Well it is blog time again. The fortune I am blessed with these days is that POI has a lot going on and much has happened over the past few months.
This past quarter started as you can see from the homepage with an amazing few days as guest of the Chinese government to receive the Friendship Award. Although the well-rehearsed protocols were in full evidence, I and the other 49 awardees from 18 foreign countries were treated like kings. The Friendship award is the highest honor China bestows on a foreigner and there was no question all of us recognized the specialness of the occasion. I met some amazing people from around the world with widely diverse contribution to China from oil exploration to roses, from cultural preservation to astrophysics. Most of all I felt very proud for POI and the recognition of our work and the work of all of our Chinese collaborators who truly shared in the recognition.
The SHENCCAST II trial which finished this summer has now moved to the writing phase. Our first manuscript “A Population Based Clinical Trial Comparing Endocervical High-Risk HPV Testing using Hybrid Capture II and Cervista from the SHENCCAST II Study”, has been accepted for publication by the American Journal of Clinical Pathology. Several more papers are being prepared. In addition SHENCCAST II provided important pieces to the self-collection story that in large part has charted our new direction.
Many years ago upon taking my first job at the University of Vermont, my wise chairman Dr Leon Mann told me to pick a focus. I remember him saying the focus will continue to grow and new doors will open. Well the energy at POI these days is like the birth of a child. After years of studying new technologies, and designing ways to improve the old, we have now decided to focus our energies developing methods so the people most in need can actually take advantage of the technologies that we now have. Not an easy task, but therein lies the mission of POI. No one ever described this work as easy. I can tell you it is so rewarding, and so self-fulfilling that if it were not so difficult the streets of discovery would be very crowded indeed.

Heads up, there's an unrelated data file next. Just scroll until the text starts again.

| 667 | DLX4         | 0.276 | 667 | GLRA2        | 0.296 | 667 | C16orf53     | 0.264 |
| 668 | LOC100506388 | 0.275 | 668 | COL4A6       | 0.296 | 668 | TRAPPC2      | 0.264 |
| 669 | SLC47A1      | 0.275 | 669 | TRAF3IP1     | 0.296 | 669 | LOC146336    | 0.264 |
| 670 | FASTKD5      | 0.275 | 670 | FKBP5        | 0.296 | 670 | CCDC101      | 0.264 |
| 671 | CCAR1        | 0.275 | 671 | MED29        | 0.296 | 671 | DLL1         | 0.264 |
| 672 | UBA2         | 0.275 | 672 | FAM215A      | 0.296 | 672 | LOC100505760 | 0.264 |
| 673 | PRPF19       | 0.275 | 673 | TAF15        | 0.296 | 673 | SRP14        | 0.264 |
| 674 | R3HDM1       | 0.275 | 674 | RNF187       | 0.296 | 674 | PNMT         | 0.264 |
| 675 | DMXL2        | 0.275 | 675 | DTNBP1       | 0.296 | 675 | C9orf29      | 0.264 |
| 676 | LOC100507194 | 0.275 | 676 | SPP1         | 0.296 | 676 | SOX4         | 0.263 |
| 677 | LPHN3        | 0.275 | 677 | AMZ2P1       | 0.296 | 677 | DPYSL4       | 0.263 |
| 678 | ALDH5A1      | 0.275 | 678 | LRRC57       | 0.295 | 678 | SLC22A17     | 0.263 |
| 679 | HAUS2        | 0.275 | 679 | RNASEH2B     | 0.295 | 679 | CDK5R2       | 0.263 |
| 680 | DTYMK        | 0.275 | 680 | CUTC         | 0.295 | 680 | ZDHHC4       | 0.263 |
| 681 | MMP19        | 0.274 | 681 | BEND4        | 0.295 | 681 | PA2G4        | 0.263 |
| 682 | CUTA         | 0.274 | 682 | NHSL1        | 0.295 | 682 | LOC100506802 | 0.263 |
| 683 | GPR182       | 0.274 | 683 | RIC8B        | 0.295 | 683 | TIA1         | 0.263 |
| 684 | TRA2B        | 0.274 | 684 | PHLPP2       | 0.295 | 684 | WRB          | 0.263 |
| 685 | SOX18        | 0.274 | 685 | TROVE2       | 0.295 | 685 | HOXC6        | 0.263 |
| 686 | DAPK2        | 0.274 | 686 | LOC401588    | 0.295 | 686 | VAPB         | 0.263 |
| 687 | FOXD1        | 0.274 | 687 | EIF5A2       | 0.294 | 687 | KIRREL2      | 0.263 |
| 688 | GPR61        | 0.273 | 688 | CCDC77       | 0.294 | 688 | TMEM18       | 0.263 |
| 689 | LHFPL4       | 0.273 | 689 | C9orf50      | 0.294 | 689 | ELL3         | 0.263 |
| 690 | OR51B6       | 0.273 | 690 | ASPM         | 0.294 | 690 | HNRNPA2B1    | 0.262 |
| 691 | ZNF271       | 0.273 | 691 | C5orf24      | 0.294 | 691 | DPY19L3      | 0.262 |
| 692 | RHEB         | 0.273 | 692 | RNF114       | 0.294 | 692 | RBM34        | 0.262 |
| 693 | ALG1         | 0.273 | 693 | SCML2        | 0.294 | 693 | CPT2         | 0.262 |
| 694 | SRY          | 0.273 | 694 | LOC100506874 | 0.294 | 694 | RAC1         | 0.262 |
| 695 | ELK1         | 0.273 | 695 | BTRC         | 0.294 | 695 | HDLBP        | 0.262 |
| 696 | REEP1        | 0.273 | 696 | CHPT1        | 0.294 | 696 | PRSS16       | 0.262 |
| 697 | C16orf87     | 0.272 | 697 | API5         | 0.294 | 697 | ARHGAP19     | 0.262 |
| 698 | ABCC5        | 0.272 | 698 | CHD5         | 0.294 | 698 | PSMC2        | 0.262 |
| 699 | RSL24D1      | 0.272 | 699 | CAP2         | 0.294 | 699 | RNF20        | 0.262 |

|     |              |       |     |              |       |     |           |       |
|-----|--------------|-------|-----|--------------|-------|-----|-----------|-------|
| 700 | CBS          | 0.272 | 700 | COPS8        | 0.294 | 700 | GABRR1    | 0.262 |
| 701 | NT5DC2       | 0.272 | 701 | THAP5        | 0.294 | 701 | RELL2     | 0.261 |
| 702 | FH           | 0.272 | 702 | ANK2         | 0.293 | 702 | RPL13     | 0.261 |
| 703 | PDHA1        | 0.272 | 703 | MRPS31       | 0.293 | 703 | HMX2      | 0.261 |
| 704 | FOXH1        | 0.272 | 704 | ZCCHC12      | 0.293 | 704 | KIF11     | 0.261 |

A number of concepts have become progressively clearer to me as we work our way down our new path. First, I now believe it is not necessary to think simple and small to reach the earths needy. Certainly one size will not fit all, but a very high percentage of the world’s medically underserved now live in middle income countries. That says to me think high tech, high through put and the massive volumes possible with proper organization will control the per/patient cost. Second, think events, not continuous care. The medical model has always been a continuous care model. Designing the whole program to avoid lost to follow-up when only very few may actually need continuing care. Clearly continuing care is the only way to adequately provide the needed care for many problems. However, many interventions can be confined to events which organize large screening or vaccination days and only when positives are identified from the detection algorithm does the healthcare staff become involved for management. Third, for many conditions, we spend an enormous amount of the healthcare dollar identifying the majority of people who will ultimately test negative. We need to consider new paradigms to allow the healthcare workers to focus on the positives. Fourth, the more local the paradigms and the more involved the community in designing the program, the greater will be the participation and the lost to follow-up segment will shrink.
There are many gaps to fill, but we have enough filled to begin. Therefore in the 1st quarter of 2011 we expect to initiate a mother, child, screen, treat and vaccinate program in Manchay and Iquitos Peru. The primary focus will be the development of a preventive healthcare model using community based participatory research methodology. By the 2nd quarter in 2011 we hope to initiate a program with a similar primary focus in China, with the added elements to determine optimal management of the women who test positive. I personally have never seen the future so clearly. We obviously continue to work hard to generate the funding to allow us to continue this work. The message we believe is very compelling. We have the technology to prevent cervical cancer world-wide, now let’s develop the model to make it happen. The solution is more than money; it will be a well-designed, well-organized community based model that brings the people and the technology together.
Happy holidays to all of our friends around the world, we are a community.